The feature extraction is a key procedure when it comes to allowing the usage of classification algorithms and the reduction of data dimensionality. The method developed by Soltani et al. [48] is different, since it vertically and horizontally divides the OD and OD-cup diameters to compute the ISNT measure values and eye asymmetry. Such an aspect leads to the extraction of four characteristics, which are well known by ophthalmologists.

Differently, Mohamed et al. [50] provide information such as thickness, smoothness and regularity. These metrics indicate the relation among the pixel intensity values. That said, the SPL method was adopted to analyze the spatial distribution of gray values. Thus, this process occurs from the extraction of significant features within superpixels of the best color channels in order to derive a set of statistics for those features. Regarding this technique, the use of color channels represents a relevant aspect to be taken into consideration. Table 2 summarizes all applied methods for feature extraction, as well the number of used features throughout each classification method.

Some methods investigated for this review have applied a dimensionality reduction process [38, 47]. In this way, its purpose is to reduce the number of features in order that the classifier mediation and the precision costs may be decreased. The better and more important the features are, the faster the classifier will be, avoiding the dimensionality curse.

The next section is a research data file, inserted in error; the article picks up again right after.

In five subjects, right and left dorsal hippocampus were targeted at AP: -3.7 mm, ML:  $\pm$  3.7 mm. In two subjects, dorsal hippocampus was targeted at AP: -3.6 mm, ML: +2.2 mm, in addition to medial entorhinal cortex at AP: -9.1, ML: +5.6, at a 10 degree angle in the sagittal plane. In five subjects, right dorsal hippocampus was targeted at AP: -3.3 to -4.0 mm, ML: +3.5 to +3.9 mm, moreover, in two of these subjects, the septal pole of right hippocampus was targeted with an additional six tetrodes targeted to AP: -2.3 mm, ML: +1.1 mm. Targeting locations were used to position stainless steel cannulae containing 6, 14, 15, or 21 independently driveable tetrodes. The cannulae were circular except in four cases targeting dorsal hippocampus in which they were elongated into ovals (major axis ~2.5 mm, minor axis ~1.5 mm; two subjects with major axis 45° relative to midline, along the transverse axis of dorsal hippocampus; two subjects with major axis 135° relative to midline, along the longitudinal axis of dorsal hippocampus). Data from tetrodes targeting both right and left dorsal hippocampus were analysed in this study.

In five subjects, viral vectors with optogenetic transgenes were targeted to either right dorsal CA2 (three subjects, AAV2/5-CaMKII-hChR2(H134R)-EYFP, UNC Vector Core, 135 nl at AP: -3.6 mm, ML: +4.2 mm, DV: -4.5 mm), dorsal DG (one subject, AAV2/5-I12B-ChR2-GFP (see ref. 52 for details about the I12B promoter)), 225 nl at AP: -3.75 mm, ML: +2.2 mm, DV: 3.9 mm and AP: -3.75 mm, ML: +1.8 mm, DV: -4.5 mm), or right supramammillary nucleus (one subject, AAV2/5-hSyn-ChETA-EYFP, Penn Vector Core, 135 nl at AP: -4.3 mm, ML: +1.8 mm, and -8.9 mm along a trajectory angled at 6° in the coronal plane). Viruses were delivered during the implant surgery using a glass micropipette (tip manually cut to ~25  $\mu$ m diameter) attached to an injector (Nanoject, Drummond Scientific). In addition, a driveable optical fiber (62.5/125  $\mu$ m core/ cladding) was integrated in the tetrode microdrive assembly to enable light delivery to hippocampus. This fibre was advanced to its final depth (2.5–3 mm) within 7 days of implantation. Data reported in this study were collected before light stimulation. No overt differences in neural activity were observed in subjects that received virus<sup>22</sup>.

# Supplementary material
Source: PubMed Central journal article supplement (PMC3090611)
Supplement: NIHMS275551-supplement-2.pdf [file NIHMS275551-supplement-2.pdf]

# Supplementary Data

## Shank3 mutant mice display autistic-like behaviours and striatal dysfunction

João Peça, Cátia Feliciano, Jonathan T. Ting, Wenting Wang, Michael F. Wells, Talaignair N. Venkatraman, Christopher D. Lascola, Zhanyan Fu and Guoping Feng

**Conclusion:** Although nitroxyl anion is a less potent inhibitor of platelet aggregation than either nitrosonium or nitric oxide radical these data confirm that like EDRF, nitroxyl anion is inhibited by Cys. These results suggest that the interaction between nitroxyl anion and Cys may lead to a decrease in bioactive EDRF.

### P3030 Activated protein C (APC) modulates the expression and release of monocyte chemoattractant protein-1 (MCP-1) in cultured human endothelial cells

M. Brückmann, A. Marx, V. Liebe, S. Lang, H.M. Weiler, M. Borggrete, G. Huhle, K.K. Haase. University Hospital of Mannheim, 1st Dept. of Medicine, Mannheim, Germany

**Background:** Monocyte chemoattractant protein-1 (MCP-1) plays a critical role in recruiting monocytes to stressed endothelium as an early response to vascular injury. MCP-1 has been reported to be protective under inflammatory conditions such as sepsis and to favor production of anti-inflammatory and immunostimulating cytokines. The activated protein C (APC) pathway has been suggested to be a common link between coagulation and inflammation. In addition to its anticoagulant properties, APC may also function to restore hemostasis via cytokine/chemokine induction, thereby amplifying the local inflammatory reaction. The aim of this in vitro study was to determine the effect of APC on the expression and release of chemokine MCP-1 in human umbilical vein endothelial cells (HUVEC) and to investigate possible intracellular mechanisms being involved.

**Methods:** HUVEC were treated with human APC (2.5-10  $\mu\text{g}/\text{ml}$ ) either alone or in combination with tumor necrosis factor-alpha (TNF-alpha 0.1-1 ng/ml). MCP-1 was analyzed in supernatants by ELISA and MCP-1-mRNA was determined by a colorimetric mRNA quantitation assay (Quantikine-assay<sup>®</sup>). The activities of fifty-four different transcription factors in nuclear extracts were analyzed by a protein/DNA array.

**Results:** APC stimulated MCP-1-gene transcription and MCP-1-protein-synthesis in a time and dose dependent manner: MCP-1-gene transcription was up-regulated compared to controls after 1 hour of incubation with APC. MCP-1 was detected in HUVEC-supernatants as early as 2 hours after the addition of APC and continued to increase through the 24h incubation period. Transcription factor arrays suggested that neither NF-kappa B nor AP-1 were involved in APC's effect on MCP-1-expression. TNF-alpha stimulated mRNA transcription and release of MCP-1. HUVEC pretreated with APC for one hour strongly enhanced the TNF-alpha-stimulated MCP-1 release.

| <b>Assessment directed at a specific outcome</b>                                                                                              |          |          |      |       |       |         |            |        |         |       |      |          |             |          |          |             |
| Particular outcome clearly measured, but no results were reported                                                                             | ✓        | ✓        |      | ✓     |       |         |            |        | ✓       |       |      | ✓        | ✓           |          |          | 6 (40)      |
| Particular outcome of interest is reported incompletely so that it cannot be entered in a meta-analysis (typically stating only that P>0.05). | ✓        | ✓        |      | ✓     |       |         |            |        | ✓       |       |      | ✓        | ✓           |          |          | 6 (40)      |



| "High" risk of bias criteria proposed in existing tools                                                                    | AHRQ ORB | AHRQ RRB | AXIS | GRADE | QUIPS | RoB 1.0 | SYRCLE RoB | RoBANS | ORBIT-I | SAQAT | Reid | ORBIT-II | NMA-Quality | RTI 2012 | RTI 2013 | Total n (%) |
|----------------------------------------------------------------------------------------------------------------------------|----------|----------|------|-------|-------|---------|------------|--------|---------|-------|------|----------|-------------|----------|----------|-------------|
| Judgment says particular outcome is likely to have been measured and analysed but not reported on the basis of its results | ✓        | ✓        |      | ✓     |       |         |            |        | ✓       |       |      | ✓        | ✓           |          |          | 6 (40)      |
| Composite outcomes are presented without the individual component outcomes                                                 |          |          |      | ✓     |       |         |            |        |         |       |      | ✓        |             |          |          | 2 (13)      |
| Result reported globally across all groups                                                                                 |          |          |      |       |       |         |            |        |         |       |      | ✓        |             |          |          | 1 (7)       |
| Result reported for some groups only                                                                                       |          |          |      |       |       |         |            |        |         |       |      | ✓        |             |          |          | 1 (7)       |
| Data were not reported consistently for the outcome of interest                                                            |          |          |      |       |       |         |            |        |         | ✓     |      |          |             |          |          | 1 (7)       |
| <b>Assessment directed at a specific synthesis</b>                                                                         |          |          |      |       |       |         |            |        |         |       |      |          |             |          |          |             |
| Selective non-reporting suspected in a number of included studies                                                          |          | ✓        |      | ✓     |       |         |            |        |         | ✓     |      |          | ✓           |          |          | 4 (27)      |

Singh et al. [47] used the PCA, while Noronha et al. [38] the LDA. The difference between these methods is that the LDA classifies the data, while the PCA changes the localization shape of the original database, projecting those in other space. Another feature of LDA is that it maintains the class separation [38]. Additionally, the utilization of the feature ranking using Fisher’s discrimination index (F) represents a considerable element regarding Noronha’s method. Contrary to further methods, Maheshwari et al. [30] use a feature normalization process. Hence, these researchers used the z-score to improve the classifier performance.

Fig. 2
figure2

Generic architecture using features extraction

The classification process marks the ultimate step, described in Fig. 2. Furthermore, the evaluated papers made use of the supervised learning standard based on the training process from a labeled dataset that acquires a required function. Still, the data employed in the training were extracted from the images. The SVM classifier presented the most favorable results in ten of the papers selected, as in the research of the following authors: Acharya et al. [39], Issac et al. [40], Raja et al. [45], Mohamed et al. [50], and Rehman et al. [51].